I have experienced a growing dependency on reassurances from outside sources — allowing any gain in confidence to be gleaned from random compliments, which I fight to believe are sincere in the first place. I find myself attached to my cell phone, waiting eagerly for replies to messages only so I can be assured that someone finds communicating with me to be an activity of worth. When someone is busy, I find myself translating it as, “I don’t want to spend time with you.” I have been feeling broken and waiting for someone to fix me.

And then I reached a breaking point — I finally (and painfully) admitted to myself that I let my confidence wither away to a non-existent wisp that was quickly evading my loose grip. I have been fighting dependence on external sources of confidence boosting, however, I removed my expectations for others, and did not replace them with any expectations for myself. I don’t want to rely on other people to make me feel good — that’s a crutch; a false security and a false confidence. I want to rely on myself, to build a stable, confident foundation of positive thoughts and feelings. But how?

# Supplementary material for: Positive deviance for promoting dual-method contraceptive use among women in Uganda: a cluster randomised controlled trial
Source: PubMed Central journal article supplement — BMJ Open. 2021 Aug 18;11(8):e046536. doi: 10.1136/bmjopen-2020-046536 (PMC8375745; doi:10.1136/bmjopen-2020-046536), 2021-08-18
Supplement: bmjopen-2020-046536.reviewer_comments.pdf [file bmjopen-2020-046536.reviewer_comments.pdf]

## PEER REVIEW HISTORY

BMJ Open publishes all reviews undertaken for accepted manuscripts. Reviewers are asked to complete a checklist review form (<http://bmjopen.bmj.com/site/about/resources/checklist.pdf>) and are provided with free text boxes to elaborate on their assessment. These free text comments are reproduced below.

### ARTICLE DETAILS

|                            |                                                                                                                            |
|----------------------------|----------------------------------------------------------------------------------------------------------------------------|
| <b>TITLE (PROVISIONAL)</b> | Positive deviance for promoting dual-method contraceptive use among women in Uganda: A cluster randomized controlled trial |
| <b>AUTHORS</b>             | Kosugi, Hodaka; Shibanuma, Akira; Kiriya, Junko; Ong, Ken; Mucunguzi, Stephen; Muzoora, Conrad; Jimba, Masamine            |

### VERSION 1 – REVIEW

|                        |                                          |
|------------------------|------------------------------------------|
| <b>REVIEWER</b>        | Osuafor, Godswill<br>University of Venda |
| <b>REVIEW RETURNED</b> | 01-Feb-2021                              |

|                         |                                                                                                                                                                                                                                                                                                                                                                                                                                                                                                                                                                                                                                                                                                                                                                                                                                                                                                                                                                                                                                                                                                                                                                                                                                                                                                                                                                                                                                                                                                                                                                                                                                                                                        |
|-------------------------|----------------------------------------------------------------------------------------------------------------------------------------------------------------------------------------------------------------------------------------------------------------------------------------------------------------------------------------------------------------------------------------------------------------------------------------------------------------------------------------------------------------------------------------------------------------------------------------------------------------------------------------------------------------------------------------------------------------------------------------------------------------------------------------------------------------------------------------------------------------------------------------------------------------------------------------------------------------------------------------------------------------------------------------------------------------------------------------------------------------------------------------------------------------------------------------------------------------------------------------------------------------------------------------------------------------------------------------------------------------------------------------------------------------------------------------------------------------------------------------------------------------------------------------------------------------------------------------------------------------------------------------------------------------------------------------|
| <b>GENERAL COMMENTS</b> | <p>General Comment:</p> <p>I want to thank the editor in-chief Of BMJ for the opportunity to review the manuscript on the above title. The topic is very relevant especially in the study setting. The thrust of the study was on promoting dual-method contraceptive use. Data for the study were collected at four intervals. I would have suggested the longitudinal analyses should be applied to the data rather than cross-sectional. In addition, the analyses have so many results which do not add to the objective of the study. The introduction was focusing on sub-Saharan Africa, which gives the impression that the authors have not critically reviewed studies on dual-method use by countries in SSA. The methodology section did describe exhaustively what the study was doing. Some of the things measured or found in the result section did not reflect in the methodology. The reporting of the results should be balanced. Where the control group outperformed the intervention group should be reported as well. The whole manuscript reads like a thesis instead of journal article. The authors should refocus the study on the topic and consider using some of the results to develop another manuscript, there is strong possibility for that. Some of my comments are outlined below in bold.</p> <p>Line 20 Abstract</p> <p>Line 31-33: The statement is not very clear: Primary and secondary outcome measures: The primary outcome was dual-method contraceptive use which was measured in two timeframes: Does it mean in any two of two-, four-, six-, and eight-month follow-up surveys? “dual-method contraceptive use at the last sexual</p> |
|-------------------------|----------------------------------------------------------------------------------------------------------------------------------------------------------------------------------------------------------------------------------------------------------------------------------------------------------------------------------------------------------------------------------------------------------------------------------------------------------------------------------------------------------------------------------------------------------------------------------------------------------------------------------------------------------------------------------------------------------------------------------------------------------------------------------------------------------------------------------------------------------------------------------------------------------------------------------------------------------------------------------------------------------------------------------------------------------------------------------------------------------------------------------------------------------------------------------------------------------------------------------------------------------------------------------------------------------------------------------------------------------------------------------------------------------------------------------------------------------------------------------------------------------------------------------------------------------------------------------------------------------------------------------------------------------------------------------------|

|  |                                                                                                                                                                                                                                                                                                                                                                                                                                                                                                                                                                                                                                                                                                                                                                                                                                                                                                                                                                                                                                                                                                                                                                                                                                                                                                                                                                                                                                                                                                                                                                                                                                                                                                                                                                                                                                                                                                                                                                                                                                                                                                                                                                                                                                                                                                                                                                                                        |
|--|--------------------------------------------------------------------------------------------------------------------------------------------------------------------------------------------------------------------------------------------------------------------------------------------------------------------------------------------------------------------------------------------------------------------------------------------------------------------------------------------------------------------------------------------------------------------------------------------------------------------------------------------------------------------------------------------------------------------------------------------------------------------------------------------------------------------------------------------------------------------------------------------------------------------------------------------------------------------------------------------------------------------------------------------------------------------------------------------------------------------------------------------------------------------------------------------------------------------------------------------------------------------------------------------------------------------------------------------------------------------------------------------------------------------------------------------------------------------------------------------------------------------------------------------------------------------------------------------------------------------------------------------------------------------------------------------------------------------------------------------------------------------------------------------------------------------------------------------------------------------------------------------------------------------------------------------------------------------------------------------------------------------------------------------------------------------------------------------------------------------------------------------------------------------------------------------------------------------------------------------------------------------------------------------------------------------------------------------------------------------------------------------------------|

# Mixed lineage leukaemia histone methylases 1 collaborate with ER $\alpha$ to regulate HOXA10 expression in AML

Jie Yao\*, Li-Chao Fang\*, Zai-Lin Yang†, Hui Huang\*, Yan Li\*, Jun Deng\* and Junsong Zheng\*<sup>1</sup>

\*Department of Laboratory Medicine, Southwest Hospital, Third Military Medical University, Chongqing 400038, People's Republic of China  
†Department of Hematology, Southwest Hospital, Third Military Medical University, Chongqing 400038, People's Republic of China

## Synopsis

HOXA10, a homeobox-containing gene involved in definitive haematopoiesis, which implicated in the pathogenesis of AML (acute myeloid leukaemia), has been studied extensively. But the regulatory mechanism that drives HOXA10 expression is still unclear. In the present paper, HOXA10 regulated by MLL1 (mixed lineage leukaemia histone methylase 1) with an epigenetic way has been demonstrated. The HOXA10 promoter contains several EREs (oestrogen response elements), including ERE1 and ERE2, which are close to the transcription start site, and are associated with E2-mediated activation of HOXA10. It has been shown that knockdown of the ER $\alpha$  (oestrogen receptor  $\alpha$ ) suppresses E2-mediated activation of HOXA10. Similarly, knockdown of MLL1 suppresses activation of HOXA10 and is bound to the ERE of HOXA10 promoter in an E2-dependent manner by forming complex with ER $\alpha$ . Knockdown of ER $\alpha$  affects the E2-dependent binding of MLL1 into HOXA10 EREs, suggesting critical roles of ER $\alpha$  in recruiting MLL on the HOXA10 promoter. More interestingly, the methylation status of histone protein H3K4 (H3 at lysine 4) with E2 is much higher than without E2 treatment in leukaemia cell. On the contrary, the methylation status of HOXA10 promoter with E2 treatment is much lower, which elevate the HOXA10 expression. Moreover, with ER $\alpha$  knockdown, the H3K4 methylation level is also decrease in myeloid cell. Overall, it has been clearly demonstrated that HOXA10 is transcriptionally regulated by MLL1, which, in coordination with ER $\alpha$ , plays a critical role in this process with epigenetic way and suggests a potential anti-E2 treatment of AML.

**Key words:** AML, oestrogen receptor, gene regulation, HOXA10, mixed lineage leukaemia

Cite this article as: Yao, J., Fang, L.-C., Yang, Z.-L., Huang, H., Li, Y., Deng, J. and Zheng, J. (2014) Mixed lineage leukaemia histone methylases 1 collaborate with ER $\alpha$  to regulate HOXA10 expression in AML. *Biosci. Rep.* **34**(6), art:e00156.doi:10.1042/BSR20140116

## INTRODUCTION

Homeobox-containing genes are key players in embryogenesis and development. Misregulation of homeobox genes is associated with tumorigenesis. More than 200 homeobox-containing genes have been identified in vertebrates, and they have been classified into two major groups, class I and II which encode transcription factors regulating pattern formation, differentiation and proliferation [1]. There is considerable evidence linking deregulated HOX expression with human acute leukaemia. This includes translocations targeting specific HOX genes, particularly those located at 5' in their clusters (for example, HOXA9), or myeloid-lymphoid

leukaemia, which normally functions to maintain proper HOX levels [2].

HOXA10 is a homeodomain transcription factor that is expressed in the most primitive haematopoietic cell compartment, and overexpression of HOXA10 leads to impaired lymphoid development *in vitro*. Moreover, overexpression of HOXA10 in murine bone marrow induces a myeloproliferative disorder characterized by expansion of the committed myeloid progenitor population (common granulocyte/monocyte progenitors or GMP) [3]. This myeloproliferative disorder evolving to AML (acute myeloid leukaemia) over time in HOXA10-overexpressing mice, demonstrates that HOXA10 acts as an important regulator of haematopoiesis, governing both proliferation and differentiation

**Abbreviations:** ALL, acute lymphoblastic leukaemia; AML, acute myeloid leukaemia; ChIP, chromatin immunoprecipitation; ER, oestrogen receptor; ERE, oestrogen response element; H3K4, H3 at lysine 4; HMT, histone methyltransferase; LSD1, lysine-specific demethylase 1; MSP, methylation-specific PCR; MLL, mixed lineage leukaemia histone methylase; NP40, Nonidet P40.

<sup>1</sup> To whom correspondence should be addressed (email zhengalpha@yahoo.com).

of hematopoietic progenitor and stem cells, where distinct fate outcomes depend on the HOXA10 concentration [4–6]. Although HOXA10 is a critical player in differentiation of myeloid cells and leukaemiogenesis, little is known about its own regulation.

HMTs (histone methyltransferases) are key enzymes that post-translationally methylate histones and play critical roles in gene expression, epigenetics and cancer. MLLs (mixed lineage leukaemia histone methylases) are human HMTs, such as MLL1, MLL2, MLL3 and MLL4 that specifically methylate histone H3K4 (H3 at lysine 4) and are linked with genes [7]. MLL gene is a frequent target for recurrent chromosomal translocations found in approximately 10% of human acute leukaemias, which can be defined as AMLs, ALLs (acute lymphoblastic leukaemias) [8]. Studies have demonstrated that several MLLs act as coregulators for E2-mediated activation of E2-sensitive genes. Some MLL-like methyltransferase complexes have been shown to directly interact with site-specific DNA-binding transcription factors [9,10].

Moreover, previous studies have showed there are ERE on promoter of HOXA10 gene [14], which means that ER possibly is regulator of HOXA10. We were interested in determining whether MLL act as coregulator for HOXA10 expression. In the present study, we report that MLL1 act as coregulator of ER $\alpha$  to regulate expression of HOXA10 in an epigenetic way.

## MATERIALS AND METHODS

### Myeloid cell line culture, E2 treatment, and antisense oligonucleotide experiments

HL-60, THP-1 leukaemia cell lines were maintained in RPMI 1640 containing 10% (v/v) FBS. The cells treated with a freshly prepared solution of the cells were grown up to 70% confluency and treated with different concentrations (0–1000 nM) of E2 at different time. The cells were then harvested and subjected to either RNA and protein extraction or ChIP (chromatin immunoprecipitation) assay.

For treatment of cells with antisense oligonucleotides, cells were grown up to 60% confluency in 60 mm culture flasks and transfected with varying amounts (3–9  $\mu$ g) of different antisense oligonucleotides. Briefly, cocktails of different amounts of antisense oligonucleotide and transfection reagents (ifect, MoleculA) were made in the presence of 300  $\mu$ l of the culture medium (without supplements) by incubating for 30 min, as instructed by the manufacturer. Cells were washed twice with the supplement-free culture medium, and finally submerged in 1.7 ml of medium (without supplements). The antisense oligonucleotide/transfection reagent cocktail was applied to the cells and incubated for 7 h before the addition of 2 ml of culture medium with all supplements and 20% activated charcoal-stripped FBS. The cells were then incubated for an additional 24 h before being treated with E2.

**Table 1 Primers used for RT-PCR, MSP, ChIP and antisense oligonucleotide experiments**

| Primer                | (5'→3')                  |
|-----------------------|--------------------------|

It is extremely painful and frustrating to realize that I don’t allow myself to think and feel positive things about myself. I never really thought about it, but I noticed that when I say, “I’m hard on myself,” what I really, deeply mean is, “I believe that if I have any positive thoughts about myself, that I am being selfish.”

Why can’t I think positive thoughts about myself? Others do. Why don’t I feel that I am deserving? I am seeing someone who is quite possibly one of the nicest people I have ever met — always calm, patient and fair. I asked him, not expecting an answer, “why are you so sweet to me?” He told me I deserved it. I deserved it? A foreign concept. The old me does not deserve anything; the old me has not “earned” the privilege of  having people be nice to me. The old me believes that anything good in life is handed to you because you worked harder than I will ever be capable of working, and if it wasn’t earned, it was because someone felt pity. This is the most ridiculous belief ever. How is it even possible that I allowed myself to think this way?!

The new me knows that it is okay to feel good about myself. The new me believes that I am a likable person, that people enjoy my company and that the man I am dating continues to do so because he actually likes me. The new me is learning that I am intelligent, attractive, active and fun. My friends are my friends because they like who I am and we have fun together; we are adults and we don’t spend our valuable time with each other out of obligation (yes there are exceptions to the rule, but we’ll not go there today).

The new me knows that this is a difficult mind change, but this is the right mind change. The new me is learning to feel good and positive things about myself, without feeling guilty or selfish. I have been feeling broken and now I know I am the one who can fix me.

Dear readers, go forth and be kind to one another– and to yourself. You deserve it. 

On Self Confidence

Today I am leaving for the wilderness.